Dracula by Bram Stoker
Genre: Gothic, Classics
Publishing Info: 2011 by Penguin Classics, Hardback Clothbound (first published 1897)
Star Rating: 4/5
Back Cover Summary:
The vampire novel that started it all, Bram Stoker’s Dracula probes deeply into human identity, sanity, and the dark corners of Victorian sexuality and desire. When Jonathan Harker visits Transylvania to help Count Dracula purchase a London house, he makes horrifying discoveries about his client. Soon afterward, disturbing incidents unfold in England—an unmanned ship is wrecked at Whitby, strange puncture marks appear on a young woman’s neck, and a lunatic asylum inmate raves about the imminent arrival of his “Master”—culminating in a battle of wits between the sinister Count and a determined group of adversaries.
Dracula is a long book, and although my interest in it waned and revived at various points, my overall feeling after finishing it was that I had on the whole enjoyed it. Many a classic has told a lacklustre tale of Victorian families, but throw vampires into the mix and you get an altogether more captivating read. I have the Penguin Classics hardback clothbound edition, which is of lovely quality, with thick and smooth pages.
The novel is written in an epistolary form, using a mixture of diary entries, letters, telegrams and newspaper articles, told from a variety of viewpoints. This is something which not every reader will like. The book is constantly switching between narrators and between the different written pieces (letters, diaries etc.), something which I had expected to dislike. However, because it moved around a lot between different characters, and so different stories (until the various threads become intertwined later in the book), I think that prevented me from becoming bored with it. Often when narrators switch too often it feels disjointed, but this format works for this book, as the patchwork of letters and journal entries is itself an element of the plot.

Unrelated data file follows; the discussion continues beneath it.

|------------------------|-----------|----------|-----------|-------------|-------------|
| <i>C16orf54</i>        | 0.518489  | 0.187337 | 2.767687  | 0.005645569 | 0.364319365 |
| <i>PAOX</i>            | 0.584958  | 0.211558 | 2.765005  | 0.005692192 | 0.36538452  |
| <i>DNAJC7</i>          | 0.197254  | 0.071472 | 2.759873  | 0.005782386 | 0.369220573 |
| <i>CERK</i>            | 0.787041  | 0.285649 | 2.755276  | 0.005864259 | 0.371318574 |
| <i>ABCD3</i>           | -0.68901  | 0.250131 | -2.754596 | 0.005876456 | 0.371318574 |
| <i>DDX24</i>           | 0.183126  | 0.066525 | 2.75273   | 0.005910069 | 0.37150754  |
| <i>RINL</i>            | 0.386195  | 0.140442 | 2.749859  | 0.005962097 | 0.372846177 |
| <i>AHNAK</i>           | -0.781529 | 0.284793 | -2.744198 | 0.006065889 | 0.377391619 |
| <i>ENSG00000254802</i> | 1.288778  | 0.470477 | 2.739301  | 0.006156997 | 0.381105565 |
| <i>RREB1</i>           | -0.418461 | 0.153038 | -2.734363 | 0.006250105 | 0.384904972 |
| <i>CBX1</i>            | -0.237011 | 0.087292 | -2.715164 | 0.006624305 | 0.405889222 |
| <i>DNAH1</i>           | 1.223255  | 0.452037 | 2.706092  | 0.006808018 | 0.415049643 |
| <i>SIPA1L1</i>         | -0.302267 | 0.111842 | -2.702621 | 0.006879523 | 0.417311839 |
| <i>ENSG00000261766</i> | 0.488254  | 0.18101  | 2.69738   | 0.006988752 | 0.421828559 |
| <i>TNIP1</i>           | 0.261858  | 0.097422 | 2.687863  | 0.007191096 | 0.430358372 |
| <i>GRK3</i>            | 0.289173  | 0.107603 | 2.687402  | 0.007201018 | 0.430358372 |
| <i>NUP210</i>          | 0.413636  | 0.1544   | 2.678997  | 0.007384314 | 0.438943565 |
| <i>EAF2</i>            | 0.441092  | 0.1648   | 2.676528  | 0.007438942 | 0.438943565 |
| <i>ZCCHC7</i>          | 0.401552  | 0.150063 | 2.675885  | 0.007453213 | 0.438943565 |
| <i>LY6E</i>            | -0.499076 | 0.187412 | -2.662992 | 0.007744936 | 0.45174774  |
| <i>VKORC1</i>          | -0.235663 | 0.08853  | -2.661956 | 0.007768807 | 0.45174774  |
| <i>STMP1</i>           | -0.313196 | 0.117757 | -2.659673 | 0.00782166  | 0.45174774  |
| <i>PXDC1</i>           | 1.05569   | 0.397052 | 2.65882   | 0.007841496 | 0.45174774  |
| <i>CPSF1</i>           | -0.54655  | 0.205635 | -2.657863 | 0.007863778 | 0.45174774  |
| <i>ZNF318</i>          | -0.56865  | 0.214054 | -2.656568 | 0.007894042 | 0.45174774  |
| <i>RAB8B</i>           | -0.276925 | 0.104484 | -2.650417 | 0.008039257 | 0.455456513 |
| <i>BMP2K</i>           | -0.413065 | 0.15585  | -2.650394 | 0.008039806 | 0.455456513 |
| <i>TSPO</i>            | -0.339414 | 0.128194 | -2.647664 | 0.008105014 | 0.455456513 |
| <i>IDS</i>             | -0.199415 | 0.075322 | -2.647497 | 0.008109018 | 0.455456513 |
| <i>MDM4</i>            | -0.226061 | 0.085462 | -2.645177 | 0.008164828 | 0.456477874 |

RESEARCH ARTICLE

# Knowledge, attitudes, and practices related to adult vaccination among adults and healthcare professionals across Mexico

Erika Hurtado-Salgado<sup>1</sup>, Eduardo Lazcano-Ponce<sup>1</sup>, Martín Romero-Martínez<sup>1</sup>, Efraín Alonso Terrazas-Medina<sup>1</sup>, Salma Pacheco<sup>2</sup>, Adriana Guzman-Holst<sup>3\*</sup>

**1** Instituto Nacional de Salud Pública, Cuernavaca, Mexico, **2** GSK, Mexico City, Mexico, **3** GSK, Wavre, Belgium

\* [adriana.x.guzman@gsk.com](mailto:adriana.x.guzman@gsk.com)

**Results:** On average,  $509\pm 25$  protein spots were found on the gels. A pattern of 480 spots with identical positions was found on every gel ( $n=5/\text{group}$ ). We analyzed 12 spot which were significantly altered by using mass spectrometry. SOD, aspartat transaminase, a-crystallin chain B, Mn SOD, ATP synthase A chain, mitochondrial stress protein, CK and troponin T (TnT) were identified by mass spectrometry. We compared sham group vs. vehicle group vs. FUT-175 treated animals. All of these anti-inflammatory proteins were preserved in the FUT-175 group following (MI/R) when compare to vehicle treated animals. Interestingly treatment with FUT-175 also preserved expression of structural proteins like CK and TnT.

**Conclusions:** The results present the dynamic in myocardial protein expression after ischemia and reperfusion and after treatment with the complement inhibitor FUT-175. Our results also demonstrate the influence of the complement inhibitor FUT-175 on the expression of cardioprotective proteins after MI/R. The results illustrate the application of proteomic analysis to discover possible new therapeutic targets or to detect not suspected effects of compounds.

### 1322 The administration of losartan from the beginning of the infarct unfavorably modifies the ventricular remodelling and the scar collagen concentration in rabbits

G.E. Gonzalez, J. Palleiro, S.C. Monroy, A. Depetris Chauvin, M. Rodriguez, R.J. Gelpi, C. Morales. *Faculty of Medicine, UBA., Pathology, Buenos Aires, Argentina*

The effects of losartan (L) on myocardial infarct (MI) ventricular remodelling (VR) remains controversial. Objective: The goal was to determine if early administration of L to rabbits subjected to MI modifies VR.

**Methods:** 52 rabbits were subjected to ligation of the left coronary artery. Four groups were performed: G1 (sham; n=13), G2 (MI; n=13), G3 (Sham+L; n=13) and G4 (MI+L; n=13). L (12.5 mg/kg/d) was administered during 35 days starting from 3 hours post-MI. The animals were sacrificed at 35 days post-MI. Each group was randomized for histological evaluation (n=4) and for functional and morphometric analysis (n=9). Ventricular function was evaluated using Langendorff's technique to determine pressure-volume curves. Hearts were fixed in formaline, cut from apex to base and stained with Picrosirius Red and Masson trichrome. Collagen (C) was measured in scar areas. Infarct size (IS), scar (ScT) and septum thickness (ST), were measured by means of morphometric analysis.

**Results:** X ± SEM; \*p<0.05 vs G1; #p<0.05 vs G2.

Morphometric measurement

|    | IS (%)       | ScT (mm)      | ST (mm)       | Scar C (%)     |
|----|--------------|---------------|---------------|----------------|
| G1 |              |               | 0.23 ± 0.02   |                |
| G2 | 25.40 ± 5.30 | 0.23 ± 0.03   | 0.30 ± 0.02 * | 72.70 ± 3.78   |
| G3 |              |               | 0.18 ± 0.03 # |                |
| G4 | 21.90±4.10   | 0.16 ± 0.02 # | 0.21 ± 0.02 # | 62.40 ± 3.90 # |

All was going well, until the latter half of the book when the male characters began to emphasise ridiculously one of the female characters ‘femaleness’ and how they didn’t want her to witness the terrible, vampire-y things going on. This went on quite persistently in ridiculous volume for a couple of chapters. Now, obviously women were viewed by society in a particular way in the Victorian period, so this isn’t exactly surprising. It was how much it was emphasised through the repetitiveness with which the male characters discussed her sensitive disposition as a woman and other such phrases. It became very irritating and made me frustrated at the book, which up to that point I had been mildly enjoying. At least she proved herself to be intelligent and resourceful, despite their attitudes towards her.
The concluding section of the book when the chase of Dracula commences was exciting and kept my attention, making me want to read to the end to discover the fates of the characters. So despite some moments that dragged and my attention wavered, and the section where the woman was treated as weak, the rest of it was actually pretty good. My conclusion upon closing the cover was that I was glad to have read it. Vampires are such a prolific part of our culture, and there have been so many varied adaptations and interpretations of Dracula, that it was interesting to read the original story.